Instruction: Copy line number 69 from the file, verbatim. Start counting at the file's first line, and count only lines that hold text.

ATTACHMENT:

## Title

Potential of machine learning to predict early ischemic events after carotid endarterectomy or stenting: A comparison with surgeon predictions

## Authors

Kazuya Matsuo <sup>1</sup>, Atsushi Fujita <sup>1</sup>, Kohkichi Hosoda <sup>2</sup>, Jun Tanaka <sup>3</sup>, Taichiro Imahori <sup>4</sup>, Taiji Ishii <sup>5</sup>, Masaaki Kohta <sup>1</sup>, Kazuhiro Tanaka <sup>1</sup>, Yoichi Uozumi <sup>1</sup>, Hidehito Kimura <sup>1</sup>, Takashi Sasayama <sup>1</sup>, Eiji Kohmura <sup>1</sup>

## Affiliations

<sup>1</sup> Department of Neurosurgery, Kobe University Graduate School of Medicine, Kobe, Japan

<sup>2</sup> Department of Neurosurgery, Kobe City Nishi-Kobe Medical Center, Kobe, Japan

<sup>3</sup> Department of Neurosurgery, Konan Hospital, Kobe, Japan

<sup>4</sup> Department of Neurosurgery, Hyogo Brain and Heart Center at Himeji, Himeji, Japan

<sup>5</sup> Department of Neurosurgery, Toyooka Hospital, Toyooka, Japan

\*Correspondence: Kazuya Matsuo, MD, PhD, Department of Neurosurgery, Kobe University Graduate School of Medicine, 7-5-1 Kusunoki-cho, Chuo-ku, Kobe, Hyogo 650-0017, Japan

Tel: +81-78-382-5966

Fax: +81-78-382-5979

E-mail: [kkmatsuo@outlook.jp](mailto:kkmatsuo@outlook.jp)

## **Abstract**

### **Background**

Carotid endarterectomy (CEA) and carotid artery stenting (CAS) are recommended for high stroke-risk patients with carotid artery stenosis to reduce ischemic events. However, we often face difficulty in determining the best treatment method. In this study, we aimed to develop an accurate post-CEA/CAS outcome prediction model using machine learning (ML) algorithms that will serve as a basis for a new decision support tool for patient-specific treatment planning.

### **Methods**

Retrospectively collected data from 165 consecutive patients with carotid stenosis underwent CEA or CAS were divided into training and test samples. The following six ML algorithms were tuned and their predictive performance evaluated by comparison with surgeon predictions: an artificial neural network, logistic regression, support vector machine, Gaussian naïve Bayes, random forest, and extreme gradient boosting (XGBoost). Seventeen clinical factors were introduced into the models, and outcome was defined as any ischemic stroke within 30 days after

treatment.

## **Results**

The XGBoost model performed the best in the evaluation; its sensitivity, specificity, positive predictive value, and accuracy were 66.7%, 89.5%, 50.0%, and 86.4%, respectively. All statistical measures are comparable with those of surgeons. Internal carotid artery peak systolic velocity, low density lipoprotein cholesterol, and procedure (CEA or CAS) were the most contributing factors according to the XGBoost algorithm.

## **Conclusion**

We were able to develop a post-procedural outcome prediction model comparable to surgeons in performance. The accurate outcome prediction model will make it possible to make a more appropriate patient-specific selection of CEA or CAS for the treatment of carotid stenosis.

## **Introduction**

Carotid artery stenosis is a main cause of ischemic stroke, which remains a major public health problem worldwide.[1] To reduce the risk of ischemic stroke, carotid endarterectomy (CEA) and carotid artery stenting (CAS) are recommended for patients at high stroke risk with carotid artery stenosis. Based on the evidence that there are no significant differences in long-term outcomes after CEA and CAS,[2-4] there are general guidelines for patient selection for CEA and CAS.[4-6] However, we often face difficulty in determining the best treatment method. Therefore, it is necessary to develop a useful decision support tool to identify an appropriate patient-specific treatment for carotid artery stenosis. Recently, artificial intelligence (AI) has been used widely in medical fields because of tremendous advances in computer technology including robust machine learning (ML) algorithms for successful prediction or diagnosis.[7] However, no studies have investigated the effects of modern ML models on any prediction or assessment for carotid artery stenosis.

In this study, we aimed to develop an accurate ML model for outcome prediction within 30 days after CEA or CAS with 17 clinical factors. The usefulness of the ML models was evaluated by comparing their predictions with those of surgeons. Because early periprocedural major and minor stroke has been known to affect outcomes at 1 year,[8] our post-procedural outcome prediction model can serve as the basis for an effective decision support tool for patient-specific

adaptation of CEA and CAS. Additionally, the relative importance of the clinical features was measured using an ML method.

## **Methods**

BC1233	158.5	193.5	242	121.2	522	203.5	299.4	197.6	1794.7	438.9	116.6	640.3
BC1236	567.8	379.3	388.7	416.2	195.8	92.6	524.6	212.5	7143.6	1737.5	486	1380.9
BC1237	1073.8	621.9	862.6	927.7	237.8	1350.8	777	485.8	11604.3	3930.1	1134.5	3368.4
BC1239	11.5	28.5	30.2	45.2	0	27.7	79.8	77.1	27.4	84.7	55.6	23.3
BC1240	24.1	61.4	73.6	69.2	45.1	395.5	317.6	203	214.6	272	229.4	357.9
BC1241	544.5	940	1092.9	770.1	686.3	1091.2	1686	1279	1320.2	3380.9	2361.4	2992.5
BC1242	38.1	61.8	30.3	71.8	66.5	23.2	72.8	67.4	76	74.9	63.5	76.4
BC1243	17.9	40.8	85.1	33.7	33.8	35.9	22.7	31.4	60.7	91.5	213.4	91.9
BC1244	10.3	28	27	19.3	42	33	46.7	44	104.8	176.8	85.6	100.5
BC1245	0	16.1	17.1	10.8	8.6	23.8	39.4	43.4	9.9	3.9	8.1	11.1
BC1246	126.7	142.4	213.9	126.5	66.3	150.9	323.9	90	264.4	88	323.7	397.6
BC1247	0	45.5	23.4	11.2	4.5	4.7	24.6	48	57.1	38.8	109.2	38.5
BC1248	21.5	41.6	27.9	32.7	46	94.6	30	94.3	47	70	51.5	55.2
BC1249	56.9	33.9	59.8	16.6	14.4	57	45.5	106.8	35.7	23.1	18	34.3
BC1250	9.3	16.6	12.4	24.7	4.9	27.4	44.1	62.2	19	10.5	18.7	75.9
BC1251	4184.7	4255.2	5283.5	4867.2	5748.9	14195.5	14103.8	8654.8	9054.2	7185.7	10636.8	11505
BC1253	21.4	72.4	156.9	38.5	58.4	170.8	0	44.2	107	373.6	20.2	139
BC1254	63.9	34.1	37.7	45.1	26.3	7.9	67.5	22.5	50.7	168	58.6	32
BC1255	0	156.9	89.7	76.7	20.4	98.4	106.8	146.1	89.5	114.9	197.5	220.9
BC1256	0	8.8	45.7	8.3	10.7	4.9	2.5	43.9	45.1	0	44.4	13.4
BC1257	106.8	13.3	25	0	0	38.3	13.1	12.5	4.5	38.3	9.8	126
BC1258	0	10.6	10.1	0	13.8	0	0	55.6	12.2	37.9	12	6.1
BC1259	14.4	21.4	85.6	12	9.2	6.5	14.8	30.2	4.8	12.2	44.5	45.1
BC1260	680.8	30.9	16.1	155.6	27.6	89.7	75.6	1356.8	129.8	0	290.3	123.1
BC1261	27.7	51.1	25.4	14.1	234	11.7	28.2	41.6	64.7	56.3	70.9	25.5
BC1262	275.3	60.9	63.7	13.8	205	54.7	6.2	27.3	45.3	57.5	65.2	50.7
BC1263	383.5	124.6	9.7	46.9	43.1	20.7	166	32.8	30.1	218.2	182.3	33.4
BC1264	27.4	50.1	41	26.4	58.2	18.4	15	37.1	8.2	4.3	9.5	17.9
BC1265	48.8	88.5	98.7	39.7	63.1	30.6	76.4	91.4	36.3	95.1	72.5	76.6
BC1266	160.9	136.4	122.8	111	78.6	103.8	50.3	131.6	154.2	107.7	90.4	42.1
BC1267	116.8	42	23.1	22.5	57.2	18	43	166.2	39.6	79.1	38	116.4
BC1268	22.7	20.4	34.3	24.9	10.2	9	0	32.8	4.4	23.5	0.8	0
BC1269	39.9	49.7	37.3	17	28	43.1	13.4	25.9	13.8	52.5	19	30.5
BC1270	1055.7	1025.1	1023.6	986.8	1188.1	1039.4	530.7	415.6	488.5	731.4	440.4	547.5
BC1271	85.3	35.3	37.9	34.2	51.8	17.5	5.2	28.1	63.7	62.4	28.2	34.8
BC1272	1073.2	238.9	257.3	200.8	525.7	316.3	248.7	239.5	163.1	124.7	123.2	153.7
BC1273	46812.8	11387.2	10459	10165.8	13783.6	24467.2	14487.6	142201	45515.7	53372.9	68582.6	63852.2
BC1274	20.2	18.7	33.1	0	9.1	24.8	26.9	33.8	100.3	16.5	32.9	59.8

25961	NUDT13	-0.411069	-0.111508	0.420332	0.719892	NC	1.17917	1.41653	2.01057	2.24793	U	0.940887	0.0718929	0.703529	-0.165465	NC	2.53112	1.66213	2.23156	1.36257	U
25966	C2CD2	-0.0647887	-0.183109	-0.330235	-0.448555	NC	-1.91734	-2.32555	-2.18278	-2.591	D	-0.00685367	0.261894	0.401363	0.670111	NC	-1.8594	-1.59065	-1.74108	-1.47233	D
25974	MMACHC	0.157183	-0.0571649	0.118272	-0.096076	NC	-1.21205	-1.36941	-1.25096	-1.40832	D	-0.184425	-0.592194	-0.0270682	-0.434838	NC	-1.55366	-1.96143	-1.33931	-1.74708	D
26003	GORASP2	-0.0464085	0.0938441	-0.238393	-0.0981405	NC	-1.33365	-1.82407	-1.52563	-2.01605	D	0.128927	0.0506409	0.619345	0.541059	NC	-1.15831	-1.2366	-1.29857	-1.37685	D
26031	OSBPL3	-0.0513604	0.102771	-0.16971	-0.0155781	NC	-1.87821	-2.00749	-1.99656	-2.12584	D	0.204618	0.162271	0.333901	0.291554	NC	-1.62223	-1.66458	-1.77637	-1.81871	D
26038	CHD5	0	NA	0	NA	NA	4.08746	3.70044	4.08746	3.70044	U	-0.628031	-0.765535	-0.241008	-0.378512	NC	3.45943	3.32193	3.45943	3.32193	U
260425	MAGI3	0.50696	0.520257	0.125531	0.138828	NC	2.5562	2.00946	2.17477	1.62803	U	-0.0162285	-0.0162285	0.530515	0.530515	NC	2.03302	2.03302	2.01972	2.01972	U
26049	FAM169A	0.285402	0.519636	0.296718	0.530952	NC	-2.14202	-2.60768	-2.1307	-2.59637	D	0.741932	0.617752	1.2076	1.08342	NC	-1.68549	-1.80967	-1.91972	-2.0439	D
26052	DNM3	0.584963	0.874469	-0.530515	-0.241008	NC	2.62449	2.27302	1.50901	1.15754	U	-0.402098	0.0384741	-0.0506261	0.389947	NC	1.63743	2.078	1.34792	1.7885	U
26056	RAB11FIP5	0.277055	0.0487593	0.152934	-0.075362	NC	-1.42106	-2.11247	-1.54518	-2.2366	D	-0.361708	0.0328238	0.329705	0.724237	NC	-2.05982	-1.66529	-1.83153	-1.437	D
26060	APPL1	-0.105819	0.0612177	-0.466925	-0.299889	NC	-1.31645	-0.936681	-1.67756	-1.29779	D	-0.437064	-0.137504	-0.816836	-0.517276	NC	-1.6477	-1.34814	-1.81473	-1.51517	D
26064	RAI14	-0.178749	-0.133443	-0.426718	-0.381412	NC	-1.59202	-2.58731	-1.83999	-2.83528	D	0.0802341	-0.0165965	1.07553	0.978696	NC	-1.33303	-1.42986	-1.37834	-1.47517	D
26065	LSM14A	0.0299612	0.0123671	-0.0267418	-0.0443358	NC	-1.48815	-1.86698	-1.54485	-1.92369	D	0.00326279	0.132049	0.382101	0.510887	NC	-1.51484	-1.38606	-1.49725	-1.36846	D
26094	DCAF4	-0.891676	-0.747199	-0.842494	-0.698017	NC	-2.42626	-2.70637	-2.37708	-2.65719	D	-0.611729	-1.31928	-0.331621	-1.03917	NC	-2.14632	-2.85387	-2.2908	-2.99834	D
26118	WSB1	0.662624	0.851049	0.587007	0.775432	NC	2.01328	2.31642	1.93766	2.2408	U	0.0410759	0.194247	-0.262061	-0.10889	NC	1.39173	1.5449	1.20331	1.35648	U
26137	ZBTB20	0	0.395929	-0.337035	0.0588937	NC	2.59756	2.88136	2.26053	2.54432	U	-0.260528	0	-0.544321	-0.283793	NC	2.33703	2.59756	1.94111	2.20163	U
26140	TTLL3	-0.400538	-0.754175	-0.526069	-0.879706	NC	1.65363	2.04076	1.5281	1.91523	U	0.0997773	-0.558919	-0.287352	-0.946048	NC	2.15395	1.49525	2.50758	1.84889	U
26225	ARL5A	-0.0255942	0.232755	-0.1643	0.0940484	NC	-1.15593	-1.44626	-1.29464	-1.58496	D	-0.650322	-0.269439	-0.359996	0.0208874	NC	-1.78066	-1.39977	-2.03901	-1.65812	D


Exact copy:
25966	C2CD2	-0.0647887	-0.183109	-0.330235	-0.448555	NC	-1.91734	-2.32555	-2.18278	-2.591	D	-0.00685367	0.261894	0.401363	0.670111	NC	-1.8594	-1.59065	-1.74108	-1.47233	D